I highly recommend the book Seeking Allah, Finding Jesus: A Devout Muslim Encounters Christianity by Nabeel Qureshi. In particular, I would recommend this book not just to people with Muslim and Christian backgrounds but also secularists and atheists. It may rattle your cage a little. It did mine.
The book is extremely well written and easy to read. It tells a fascinating and moving story. I read the whole book within two days because I just could not put it down. Besides the great story, the book has two significant strengths. First, it is quite educational. As he tells his story he gradually explains key aspects of Islam and Muslim practise and beliefs. I learnt an incredible amount. I was unsettled by my ignorance, but also challenged to learn more. Moreover, Qureshi does not just present facts but helps the reader see the world from the viewpoint of a Muslim, including what it feels like to be a Muslim, particularly living in the West. You are invited to walk in his shoes. The second strength is that Qureshi is warm and respectful of Muslims as people, while being (eventually) critical of the Qu'ran and Mohammed. Reading the book should be quite unsettling to Westerners who have a harsh and hostile attitude to Muslims. It also explains the diversity of Muslims and how many are greatly distressed by terrorist acts being committed in the name of Islam.
Qureshi grew up as a "third culture kid". His parents immigrated to the USA from Pakistan and are Ahmadiyya Muslims. His father served in the US Navy, including several years at a nuclear submarine base in Scotland. The family life centred around the local mosque and extended family. The family was warm, close knit, highly protective, and devout. Yet they were very isolated from the surrounding community. Although Qureshi attended secular schools, he had virtually non-Muslim friends, until he went to college. There he had a close Christian friend, who played a significant role in his life. This led to a long and painful re-examination of his religious beliefs. This should stimulate all of us to critically evaluate what we believe and why we believe it.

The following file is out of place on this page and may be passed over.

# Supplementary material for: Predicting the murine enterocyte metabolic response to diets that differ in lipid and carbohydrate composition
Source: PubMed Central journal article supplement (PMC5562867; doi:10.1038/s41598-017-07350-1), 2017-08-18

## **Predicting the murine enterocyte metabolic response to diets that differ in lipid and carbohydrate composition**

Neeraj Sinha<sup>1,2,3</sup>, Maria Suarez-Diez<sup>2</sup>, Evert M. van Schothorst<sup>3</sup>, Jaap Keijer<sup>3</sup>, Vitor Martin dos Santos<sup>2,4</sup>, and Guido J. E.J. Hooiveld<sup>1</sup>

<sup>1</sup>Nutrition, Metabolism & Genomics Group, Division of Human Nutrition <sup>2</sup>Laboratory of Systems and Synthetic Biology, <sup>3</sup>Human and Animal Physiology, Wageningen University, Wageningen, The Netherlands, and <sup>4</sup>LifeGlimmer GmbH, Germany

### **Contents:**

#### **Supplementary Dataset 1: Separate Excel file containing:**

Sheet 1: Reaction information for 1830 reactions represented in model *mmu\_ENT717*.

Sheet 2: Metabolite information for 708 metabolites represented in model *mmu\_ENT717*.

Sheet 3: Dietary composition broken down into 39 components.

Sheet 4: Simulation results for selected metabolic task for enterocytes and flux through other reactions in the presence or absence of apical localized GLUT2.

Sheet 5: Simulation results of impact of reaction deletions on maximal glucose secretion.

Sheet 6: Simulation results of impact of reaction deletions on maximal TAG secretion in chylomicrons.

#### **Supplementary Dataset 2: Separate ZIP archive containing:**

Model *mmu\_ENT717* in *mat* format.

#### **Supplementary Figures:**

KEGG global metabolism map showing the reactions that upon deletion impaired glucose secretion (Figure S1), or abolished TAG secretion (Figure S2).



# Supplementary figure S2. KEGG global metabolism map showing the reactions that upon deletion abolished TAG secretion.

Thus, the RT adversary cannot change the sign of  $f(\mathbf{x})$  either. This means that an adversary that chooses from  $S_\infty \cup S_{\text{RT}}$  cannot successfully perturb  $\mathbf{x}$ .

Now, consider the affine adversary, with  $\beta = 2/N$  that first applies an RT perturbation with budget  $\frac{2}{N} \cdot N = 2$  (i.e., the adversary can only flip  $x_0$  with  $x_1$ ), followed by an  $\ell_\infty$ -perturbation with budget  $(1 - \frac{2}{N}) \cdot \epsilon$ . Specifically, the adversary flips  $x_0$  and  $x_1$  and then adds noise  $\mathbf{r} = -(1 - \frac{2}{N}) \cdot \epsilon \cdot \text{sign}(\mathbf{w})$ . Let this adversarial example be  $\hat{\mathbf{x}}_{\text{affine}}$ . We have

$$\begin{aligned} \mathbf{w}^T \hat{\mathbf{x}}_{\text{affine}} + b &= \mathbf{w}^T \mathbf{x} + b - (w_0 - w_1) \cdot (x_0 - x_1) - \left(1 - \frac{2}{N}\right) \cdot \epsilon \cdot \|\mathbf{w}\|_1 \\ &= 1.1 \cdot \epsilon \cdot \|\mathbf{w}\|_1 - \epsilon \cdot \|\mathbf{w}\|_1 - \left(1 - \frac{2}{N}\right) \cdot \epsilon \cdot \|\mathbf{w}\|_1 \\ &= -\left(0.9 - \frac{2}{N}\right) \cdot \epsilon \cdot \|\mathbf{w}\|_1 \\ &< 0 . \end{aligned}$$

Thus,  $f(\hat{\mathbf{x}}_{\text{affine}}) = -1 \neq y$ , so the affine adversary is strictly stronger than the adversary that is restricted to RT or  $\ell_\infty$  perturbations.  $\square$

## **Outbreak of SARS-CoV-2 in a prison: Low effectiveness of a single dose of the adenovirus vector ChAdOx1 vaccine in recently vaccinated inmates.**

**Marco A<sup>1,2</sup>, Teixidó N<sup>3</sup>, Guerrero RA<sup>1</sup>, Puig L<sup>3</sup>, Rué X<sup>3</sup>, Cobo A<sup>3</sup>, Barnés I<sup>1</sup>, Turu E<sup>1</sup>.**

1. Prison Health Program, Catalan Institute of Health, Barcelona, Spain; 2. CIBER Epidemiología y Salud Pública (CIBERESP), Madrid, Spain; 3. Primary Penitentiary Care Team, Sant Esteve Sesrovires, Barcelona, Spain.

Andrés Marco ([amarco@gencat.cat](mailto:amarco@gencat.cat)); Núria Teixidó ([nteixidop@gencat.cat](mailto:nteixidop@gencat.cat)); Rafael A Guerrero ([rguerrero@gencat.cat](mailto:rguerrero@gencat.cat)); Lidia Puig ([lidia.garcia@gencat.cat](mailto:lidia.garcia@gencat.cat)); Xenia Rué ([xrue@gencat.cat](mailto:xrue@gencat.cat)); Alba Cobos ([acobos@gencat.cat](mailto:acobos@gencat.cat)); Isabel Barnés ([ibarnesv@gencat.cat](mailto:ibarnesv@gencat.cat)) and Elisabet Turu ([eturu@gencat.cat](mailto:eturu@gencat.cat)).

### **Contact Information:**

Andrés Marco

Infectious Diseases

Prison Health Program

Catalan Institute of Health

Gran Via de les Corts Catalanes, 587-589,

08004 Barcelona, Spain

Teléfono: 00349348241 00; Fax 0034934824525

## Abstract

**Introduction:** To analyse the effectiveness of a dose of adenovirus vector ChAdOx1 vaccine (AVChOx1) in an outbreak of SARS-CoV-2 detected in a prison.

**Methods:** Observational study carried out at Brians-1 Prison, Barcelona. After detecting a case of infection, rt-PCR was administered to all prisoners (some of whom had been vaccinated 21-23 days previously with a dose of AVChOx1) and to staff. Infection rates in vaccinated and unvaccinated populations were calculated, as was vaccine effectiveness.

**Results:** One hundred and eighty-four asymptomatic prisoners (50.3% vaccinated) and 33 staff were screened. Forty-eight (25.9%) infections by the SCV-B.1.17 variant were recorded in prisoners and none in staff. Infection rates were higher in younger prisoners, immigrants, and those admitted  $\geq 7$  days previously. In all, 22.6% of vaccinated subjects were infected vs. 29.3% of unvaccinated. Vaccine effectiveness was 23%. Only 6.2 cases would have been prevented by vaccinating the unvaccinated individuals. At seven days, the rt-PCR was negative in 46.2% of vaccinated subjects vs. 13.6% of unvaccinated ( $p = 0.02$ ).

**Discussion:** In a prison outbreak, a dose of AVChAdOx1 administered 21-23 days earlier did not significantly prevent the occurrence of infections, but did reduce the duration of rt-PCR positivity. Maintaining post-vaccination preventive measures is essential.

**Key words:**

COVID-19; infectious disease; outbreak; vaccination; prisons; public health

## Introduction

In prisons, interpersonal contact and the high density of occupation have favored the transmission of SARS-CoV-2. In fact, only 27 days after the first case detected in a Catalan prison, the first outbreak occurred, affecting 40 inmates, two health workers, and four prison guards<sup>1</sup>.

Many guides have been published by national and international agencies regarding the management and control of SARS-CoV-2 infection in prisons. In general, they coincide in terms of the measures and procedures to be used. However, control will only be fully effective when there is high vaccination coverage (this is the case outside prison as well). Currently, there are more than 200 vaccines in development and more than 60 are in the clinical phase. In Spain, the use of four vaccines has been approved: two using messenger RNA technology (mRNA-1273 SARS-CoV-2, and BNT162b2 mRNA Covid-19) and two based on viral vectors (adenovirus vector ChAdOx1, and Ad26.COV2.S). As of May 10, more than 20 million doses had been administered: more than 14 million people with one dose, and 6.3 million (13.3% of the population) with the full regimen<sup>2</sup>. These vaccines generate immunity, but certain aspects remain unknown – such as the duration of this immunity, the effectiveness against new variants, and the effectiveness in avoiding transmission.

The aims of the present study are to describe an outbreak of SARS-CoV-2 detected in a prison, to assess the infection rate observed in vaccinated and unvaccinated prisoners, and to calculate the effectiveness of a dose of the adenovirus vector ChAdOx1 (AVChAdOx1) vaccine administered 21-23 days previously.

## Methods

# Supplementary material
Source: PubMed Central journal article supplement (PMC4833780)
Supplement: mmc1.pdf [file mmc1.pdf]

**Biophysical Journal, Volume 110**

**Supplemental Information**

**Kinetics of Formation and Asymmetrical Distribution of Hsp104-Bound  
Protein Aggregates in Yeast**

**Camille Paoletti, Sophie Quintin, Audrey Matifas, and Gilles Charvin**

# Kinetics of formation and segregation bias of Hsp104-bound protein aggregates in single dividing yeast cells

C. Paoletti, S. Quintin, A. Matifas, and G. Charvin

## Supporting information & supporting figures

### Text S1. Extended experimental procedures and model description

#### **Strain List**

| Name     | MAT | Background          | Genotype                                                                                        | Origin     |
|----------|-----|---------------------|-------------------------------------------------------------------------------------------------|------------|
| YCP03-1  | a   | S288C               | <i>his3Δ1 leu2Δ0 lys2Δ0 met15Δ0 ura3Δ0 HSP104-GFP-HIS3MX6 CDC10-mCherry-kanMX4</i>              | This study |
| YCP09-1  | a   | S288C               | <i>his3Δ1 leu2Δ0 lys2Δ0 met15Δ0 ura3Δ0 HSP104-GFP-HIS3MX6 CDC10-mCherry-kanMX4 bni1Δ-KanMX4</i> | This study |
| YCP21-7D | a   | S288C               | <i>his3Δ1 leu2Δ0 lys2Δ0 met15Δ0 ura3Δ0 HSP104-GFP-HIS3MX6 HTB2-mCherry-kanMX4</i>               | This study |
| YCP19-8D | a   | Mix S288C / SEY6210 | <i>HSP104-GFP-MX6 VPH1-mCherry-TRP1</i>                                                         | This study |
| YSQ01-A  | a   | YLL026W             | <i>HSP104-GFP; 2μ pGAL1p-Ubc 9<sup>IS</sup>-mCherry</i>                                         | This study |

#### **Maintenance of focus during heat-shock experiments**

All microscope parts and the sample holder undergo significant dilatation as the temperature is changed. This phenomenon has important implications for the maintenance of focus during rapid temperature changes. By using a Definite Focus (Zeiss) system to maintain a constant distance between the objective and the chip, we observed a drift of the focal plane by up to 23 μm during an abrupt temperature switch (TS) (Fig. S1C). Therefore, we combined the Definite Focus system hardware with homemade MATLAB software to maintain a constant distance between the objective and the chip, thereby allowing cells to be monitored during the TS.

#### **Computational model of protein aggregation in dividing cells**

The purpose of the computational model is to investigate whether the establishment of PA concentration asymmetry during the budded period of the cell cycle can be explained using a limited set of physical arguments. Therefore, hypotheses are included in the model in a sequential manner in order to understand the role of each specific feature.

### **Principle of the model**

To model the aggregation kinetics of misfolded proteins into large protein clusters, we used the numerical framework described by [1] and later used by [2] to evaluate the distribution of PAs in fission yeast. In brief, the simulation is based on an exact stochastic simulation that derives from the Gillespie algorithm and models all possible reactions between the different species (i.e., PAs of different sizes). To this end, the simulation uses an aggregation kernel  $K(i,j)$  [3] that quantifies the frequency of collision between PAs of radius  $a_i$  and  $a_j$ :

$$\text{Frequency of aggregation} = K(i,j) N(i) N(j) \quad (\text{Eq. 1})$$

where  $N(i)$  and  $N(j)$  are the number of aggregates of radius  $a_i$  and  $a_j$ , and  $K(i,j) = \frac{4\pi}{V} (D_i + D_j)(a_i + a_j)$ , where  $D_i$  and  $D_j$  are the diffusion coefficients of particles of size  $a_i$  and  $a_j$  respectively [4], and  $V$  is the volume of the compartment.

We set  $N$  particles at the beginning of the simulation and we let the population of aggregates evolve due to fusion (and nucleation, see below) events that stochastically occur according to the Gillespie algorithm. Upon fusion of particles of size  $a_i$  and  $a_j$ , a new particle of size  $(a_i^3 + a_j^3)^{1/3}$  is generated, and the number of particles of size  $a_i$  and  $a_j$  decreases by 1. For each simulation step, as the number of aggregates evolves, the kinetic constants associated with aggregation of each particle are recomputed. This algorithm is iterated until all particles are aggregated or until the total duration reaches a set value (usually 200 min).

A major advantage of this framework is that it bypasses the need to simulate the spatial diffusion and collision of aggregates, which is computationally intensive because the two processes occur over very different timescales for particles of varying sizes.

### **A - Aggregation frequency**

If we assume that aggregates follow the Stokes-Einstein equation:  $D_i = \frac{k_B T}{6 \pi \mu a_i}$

Qureshi highlights the incredible and tragic personal cost of leaving Islam, even for those living in the West. Some of the discussion of violence in the Qur'an and the life of Muhammad is unsettling. The book makes clear following Jesus and following Muhammad are not the same thing. Also, a Muslim and a secular Westerner do not see the world in the same way.
Certain practices of Muslims were described that one could be easily critical of: weak apologetic arguments, appeal to authority, not going to source documents, social pressure to conform (role of shame), partisan factions, self righteousness, uncritical faith, special pleading to explain difficult verses in a holy text, double standards of reasoning, not really listening to others, ....
Yet, as a Christian I found this somewhat unsettling because I have sometimes seen somewhat similar practises in the Christian community!
So read the book and be unsettled.